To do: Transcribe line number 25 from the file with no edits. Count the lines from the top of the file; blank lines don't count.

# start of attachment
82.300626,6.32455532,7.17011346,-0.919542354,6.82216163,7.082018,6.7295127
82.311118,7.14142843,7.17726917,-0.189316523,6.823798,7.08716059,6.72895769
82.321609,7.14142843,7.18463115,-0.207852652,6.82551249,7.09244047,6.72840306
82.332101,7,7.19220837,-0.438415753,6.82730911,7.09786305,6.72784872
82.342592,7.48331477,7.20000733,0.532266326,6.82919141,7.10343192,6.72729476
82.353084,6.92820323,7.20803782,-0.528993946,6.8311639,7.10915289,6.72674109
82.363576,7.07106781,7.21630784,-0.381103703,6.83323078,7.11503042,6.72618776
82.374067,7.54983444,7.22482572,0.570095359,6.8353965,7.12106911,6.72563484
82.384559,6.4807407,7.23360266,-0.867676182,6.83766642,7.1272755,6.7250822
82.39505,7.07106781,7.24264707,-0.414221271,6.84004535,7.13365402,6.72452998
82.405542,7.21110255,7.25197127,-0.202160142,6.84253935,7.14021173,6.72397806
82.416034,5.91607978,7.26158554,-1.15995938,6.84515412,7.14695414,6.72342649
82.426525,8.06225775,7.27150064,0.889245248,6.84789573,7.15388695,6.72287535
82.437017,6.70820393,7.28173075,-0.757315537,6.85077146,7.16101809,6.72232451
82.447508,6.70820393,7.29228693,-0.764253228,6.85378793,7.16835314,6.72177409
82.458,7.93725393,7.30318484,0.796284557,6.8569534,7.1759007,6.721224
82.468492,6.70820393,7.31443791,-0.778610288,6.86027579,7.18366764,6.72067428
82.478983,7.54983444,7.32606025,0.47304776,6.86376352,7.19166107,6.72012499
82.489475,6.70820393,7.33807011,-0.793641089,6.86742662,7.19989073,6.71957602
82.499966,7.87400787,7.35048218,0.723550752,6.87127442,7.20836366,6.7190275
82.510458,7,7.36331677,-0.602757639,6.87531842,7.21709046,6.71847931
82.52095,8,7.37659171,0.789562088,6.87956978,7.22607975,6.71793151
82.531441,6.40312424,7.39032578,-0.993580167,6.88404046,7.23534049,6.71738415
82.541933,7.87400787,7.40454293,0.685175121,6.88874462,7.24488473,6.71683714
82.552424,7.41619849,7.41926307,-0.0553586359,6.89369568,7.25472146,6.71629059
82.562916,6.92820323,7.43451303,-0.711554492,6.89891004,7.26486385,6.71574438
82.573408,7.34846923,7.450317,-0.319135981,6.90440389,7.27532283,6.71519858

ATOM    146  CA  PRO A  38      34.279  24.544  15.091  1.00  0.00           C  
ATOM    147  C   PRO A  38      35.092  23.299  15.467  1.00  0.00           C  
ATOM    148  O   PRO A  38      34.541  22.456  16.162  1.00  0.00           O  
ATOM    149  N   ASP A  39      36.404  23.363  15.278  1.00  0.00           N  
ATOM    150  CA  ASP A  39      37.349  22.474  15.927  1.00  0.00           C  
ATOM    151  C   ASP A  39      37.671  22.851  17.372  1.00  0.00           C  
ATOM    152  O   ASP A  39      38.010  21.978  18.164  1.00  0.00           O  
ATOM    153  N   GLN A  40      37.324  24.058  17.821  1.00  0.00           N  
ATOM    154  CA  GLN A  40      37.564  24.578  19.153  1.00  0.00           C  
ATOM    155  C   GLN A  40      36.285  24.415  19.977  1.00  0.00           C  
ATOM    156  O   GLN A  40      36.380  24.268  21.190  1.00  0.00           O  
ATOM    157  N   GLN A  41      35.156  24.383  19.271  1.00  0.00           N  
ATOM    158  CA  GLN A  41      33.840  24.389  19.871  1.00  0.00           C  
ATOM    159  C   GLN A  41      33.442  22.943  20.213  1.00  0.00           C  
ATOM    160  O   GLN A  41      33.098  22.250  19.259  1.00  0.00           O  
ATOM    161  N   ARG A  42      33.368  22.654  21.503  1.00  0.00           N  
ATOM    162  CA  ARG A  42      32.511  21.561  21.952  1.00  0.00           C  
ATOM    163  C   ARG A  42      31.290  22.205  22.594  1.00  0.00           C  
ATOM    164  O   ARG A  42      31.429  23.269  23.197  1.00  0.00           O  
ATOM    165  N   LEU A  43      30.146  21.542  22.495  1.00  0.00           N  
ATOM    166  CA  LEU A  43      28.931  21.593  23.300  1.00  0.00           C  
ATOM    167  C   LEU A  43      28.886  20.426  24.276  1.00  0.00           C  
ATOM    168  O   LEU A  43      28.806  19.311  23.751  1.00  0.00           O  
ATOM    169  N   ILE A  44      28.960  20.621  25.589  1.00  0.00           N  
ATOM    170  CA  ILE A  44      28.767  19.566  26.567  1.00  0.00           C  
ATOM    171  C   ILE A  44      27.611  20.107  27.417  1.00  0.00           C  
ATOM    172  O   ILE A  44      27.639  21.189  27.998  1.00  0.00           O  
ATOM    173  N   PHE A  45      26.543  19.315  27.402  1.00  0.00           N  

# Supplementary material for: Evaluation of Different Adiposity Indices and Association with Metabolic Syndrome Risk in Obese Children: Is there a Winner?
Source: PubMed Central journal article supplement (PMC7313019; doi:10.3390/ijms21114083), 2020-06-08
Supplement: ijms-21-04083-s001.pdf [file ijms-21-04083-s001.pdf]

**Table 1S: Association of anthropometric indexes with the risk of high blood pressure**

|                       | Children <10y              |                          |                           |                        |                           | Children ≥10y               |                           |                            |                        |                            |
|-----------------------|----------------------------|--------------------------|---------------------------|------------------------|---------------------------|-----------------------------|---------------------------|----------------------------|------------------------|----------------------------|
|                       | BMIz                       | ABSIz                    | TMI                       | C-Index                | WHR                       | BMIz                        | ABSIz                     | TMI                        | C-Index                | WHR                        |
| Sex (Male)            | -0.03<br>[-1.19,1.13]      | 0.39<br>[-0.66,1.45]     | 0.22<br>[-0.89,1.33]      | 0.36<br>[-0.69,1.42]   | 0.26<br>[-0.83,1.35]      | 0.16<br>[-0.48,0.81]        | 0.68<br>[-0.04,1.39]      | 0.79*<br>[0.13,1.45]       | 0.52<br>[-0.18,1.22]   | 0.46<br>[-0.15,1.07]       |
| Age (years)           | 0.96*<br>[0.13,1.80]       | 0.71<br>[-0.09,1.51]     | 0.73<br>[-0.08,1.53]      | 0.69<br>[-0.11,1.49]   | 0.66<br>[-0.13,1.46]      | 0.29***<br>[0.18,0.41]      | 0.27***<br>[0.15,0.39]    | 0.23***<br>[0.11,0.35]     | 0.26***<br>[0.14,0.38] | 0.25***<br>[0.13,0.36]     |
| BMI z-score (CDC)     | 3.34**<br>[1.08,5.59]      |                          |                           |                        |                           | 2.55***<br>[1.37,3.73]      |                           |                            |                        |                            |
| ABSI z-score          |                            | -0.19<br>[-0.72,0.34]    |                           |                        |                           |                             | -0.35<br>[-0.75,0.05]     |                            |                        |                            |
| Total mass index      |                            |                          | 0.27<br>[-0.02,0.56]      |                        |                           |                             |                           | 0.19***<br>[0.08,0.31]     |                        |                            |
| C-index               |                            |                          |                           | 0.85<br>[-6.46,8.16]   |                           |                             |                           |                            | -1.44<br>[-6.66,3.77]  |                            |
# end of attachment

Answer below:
82.552424,7.41619849,7.41926307,-0.0553586359,6.89369568,7.25472146,6.71629059